(Reuters Health) - Stem cell therapy isn’t approved to treat heart failure in the U.S., but dozens of clinics nationwide advertise the treatments anyway, often charging thousands of dollars for procedures that may not be safe or effective, a new study suggests.
Researchers found 61 centers offering stem cell therapies for heart failure as of last year in the U.S. alone, including five that claimed to have performed more than 100 procedures. Only nine centers required copies of patients’ medical records and just one facility said it had a board certified cardiologist on staff.
“We simply do not know anything about the quality of the treatment delivered at these centers,” said senior study author Dr. Paul Hauptman director of heart failure at Saint Louis University Hospital.
“These centers are not regulated in any way,” Hauptman said by email.
Almost 6 million Americans have heart failure, and it’s one of the most common reasons older adults go to the hospital, according to the American Heart Association.
It happens when the heart muscle is too weak to effectively pump enough blood through the body. Symptoms can include fatigue, weight gain from fluid retention, shortness of breath and coughing or wheezing. Medications can help strengthen the heart and minimize fluid buildup in the body.
While some experimental stem cell therapies for heart failure are currently being tested in late-stage human trials, none have won approval from the U.S. Food and Drug Administration.
In theory, after a transplant, stem cells could permanently become part of the diseased heart and either help grow new healthy heart tissue or tell existing cells to work better, said Paul Knoepfler, a cell biology researcher at the University of California Davis School of Medicine in Sacramento who wasn’t involved in the study.
It’s also possible stem cells could temporarily visit the heart and stimulate a positive response in cells already there, he said.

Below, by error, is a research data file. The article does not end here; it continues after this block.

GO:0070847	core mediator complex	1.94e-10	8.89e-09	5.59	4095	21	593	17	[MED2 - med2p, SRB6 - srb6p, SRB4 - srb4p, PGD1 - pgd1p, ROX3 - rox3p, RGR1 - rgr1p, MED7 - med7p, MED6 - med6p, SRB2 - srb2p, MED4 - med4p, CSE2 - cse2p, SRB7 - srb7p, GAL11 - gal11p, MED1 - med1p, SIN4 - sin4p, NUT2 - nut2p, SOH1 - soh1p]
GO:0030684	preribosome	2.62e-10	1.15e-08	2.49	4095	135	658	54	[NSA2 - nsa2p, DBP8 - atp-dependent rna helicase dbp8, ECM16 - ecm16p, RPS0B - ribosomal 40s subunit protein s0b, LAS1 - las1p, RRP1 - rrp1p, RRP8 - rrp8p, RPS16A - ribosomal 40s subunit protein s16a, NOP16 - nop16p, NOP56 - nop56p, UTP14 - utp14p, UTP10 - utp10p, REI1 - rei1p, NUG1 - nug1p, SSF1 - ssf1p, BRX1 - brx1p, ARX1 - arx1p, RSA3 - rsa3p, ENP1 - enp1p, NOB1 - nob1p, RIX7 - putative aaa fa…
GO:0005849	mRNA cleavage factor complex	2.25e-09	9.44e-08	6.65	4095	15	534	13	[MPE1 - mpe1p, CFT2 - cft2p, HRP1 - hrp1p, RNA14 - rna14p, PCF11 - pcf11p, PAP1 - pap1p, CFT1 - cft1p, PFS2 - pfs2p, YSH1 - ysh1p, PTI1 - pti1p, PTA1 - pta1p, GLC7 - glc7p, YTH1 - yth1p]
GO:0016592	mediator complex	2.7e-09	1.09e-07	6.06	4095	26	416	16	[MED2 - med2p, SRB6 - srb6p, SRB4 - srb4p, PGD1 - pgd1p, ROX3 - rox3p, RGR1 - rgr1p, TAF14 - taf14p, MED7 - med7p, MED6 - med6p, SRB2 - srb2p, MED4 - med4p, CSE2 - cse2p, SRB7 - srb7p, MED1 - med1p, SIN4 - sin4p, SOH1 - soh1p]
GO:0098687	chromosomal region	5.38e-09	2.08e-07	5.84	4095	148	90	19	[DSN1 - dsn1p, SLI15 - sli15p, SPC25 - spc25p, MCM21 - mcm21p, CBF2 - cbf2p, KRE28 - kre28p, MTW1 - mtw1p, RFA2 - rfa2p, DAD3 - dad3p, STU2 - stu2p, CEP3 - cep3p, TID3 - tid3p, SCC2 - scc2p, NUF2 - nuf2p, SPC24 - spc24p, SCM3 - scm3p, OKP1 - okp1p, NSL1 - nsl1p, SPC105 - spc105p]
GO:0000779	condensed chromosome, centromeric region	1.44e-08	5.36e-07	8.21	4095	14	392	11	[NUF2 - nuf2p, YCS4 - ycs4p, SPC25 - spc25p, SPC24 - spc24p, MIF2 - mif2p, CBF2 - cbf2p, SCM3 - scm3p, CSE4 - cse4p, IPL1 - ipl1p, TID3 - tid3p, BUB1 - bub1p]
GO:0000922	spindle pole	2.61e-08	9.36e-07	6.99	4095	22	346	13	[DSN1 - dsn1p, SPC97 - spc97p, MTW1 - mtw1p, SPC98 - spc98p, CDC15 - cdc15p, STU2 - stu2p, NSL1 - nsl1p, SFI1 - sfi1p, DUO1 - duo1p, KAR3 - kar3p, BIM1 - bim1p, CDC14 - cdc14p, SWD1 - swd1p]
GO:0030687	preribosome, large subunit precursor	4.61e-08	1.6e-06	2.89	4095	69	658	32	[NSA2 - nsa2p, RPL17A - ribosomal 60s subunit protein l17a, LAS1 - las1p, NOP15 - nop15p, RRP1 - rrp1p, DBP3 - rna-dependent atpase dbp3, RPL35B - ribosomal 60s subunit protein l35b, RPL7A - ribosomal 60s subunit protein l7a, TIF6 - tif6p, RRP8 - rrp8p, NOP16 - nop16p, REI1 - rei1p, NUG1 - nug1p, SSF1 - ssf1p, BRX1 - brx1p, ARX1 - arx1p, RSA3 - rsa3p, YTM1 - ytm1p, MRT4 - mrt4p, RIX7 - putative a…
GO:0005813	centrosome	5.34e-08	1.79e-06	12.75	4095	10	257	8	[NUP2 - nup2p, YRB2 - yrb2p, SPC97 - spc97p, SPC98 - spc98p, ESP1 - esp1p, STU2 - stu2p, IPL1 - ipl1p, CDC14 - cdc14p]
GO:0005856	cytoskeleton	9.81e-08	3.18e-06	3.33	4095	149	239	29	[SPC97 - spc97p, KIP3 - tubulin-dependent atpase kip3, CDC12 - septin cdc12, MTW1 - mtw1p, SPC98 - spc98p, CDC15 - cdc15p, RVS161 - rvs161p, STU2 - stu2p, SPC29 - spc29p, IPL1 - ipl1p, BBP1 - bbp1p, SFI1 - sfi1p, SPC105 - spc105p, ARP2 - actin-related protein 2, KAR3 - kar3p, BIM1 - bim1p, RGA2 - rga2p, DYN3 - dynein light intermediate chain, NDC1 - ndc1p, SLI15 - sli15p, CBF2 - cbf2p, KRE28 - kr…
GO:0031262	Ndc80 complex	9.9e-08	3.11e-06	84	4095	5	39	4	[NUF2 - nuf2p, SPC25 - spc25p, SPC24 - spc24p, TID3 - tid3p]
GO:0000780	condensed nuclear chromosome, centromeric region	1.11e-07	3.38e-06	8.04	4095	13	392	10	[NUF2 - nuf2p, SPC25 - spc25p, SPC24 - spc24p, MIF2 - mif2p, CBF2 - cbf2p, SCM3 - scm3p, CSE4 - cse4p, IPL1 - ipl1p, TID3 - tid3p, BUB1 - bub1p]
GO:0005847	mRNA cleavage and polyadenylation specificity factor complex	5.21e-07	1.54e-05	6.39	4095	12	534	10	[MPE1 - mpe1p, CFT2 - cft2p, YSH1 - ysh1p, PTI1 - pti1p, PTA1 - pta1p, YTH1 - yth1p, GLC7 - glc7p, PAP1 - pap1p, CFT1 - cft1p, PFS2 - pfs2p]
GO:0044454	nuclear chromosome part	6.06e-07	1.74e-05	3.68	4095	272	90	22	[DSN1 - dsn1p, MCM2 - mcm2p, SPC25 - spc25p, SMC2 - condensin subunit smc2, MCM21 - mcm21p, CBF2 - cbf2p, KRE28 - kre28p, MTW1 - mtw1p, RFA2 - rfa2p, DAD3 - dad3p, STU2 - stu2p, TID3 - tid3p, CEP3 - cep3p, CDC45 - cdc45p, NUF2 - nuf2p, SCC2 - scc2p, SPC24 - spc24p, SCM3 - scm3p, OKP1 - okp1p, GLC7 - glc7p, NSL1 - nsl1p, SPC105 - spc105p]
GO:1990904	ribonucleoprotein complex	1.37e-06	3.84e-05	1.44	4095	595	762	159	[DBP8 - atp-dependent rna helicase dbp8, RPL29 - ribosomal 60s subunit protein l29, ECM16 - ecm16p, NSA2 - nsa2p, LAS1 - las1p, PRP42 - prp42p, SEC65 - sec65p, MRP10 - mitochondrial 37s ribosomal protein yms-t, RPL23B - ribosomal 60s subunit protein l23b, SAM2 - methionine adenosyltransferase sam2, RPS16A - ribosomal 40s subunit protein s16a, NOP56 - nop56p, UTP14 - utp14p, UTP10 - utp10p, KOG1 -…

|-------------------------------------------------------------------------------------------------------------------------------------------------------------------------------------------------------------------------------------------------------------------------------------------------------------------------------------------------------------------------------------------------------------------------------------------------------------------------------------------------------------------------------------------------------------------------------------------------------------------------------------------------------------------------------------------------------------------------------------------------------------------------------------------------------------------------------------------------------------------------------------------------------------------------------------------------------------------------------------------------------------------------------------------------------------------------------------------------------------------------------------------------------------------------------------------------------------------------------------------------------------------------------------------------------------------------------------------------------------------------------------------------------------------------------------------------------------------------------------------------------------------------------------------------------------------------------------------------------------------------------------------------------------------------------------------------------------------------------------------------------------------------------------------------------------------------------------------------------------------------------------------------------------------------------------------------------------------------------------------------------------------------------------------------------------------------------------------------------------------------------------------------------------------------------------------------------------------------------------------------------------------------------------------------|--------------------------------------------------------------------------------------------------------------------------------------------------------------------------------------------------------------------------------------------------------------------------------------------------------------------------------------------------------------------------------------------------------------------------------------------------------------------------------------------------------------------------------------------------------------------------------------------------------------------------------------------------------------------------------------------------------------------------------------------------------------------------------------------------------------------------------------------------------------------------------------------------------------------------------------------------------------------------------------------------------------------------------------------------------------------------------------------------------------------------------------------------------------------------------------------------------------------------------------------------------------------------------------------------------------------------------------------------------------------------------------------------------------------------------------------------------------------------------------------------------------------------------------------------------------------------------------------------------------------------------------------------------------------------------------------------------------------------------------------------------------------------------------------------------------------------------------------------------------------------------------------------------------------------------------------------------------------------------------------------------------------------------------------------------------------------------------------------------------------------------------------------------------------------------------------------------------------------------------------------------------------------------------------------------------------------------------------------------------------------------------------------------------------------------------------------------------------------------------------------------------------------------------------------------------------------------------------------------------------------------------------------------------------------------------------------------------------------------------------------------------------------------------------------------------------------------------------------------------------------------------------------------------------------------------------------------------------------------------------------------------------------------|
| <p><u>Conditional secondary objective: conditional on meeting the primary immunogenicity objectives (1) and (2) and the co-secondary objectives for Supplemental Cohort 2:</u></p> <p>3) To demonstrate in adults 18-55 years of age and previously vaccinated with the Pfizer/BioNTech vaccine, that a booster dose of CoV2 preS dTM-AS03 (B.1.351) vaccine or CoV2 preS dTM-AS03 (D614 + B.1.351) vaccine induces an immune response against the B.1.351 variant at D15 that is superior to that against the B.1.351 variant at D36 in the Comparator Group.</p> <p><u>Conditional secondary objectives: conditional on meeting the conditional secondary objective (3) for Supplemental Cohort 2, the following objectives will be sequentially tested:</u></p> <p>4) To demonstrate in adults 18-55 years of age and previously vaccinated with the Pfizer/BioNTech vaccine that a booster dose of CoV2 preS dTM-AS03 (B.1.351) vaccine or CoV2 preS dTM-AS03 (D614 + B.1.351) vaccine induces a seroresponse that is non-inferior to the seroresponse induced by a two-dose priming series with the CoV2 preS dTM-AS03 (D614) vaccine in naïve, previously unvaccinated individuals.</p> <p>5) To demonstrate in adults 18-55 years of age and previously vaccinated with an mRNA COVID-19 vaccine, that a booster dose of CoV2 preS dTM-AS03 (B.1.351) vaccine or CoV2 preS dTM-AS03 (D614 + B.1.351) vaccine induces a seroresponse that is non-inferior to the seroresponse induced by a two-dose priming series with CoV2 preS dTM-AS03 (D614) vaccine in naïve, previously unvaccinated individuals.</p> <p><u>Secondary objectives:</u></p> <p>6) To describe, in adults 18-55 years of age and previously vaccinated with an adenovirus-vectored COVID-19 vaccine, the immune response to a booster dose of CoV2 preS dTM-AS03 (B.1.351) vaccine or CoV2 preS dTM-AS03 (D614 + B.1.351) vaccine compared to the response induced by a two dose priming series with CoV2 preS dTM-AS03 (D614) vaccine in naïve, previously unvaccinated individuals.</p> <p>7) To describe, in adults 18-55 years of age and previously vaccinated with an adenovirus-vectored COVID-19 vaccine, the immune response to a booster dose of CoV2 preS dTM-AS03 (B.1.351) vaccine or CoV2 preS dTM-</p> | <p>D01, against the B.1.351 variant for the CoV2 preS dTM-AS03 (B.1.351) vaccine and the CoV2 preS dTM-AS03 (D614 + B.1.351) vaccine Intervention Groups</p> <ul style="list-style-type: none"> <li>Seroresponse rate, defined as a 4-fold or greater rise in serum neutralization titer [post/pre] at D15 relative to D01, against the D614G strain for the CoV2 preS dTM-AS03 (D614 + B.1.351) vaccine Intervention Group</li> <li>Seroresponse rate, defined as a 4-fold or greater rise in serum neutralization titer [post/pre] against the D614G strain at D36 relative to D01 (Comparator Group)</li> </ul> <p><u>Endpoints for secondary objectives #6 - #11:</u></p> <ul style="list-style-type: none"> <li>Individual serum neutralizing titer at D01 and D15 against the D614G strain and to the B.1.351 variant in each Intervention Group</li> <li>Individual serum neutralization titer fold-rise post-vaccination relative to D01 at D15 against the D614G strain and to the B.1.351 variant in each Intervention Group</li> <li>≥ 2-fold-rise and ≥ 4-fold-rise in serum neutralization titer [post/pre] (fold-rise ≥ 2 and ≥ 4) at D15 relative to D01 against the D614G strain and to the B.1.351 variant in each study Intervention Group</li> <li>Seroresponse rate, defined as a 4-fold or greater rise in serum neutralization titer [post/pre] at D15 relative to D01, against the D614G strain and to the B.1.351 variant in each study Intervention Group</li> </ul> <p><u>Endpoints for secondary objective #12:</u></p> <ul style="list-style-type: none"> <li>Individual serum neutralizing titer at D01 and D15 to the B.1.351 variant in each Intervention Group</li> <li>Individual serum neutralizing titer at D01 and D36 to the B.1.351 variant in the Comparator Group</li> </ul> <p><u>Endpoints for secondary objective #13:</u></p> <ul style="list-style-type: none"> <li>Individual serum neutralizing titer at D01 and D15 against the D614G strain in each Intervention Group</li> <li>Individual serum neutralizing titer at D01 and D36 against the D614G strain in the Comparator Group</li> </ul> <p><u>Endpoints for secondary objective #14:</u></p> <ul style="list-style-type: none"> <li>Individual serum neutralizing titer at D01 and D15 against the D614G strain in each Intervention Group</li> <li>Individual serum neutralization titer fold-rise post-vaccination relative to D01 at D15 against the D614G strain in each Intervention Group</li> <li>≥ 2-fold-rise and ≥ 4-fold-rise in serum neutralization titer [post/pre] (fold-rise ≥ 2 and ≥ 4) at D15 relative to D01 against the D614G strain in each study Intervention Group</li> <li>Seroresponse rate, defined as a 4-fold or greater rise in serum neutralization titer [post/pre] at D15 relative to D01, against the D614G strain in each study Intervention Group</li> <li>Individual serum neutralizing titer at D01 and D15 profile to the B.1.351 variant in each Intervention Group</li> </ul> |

Even though there’s no conclusive proof yet that any stem cell treatments are safe and effective for heart failure, centers contacted for the study charge an average of $7,694 for each treatment using patient’s own stem cells and $6,038 for each procedure with donor stem cells.
In one instance, though, a clinic staff member said, “If you have a million dollars to spend we will set you up with weekly infusions.”
Hauptman’s team had used a standard script when contacting each center, asking about the stem cell treatment itself, medical exams before and afterward and pricing.
Among the other responses they received from clinic staff were remarks such as, “If you know anyone that can start an IV, a neighbor that is a nurse for example, we can send you the stem cells and that person can administer them to you” and “We hope you don’t believe your doctor when they tell you there is nothing they can do, you were smart to call us.”
None of the sites in the study discussed what methods they used to isolate or identify stem cells, though most claimed to use patients’ cells and 24 said they got cells from fat tissue.
Most centers claimed to deliver cells intravenously, researchers report in JAMA Internal Medicine.
“This approach has been associated with complications such as stroke, in which infused cells block blood vessels in the brain,” said Douglas Sipp, a researcher at RIKEN Center for Developmental Biology in Kobe, Japan, who wasn’t involved in the study.
“The biggest risk is that patients will waste their money, time and hopes on an unnecessary and useless invasive procedure,” Sipp said by email.
If any stem cell treatment did ultimately prove safe and effective enough to win FDA approval, it would likely offer a significant improvement over the limited treatment options currently available, said Leigh Turner, a researcher at the University of Minnesota Center for Bioethics who wasn’t involved in the study.
But it’s impossible to say what patients would get at unregulated clinics offering unapproved stem cell therapies, Turner said by email. In at least two cases unrelated to the current study, patients died after getting stem cell procedures at a clinic in Florida, and in another case at a different Florida clinic, a woman went blind, Turner noted.
“Clinics marketing stem cell treatments to patients suffering from heart failure might be administering anything from slurries of mixed cells, some of which might be stem cells, to nothing more than cellular debris,” Turner said. “Often one can only speculate.”
SOURCE: bit.ly/2uQve40 JAMA Internal Medicine, online July 24, 2017.
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